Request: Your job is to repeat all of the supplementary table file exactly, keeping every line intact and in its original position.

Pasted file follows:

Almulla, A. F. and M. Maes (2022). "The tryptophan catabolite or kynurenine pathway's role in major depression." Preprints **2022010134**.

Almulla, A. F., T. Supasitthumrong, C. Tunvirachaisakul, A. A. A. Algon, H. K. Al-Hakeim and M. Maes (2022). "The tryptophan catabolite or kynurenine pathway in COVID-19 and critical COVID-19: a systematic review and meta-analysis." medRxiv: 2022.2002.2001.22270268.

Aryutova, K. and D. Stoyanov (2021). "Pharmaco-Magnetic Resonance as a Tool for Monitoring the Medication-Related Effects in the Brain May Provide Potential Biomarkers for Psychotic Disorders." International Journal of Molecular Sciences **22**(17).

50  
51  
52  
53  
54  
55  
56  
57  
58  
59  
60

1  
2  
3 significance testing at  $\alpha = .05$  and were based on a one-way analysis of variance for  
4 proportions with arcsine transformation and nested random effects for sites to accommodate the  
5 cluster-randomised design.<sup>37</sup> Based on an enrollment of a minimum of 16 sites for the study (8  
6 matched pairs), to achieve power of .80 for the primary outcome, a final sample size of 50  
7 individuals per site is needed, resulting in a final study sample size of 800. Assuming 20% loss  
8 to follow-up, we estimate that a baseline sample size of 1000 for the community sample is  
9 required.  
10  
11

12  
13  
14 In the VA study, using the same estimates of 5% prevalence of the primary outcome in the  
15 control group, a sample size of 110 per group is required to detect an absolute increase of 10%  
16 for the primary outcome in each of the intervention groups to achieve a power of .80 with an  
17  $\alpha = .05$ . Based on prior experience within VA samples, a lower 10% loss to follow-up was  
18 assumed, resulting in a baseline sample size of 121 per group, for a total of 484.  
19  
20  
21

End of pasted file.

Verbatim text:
Almulla, A. F. and M. Maes (2022). "The tryptophan catabolite or kynurenine pathway's role in major depression." Preprints **2022010134**.

Almulla, A. F., T. Supasitthumrong, C. Tunvirachaisakul, A. A. A. Algon, H. K. Al-Hakeim and M. Maes (2022). "The tryptophan catabolite or kynurenine pathway in COVID-19 and critical COVID-19: a systematic review and meta-analysis." medRxiv: 2022.2002.2001.22270268.

Aryutova, K. and D. Stoyanov (2021). "Pharmaco-Magnetic Resonance as a Tool for Monitoring the Medication-Related Effects in the Brain May Provide Potential Biomarkers for Psychotic Disorders." International Journal of Molecular Sciences **22**(17).

50  
51  
52  
53  
54  
55  
56  
57  
58  
59  
60

1  
2  
3 significance testing at  $\alpha = .05$  and were based on a one-way analysis of variance for  
4 proportions with arcsine transformation and nested random effects for sites to accommodate the  
5 cluster-randomised design.<sup>37</sup> Based on an enrollment of a minimum of 16 sites for the study (8  
6 matched pairs), to achieve power of .80 for the primary outcome, a final sample size of 50  
7 individuals per site is needed, resulting in a final study sample size of 800. Assuming 20% loss  
8 to follow-up, we estimate that a baseline sample size of 1000 for the community sample is  
9 required.  
10  
11

12  
13  
14 In the VA study, using the same estimates of 5% prevalence of the primary outcome in the  
15 control group, a sample size of 110 per group is required to detect an absolute increase of 10%  
16 for the primary outcome in each of the intervention groups to achieve a power of .80 with an  
17  $\alpha = .05$ . Based on prior experience within VA samples, a lower 10% loss to follow-up was  
18 assumed, resulting in a baseline sample size of 121 per group, for a total of 484.  
19  
20  
21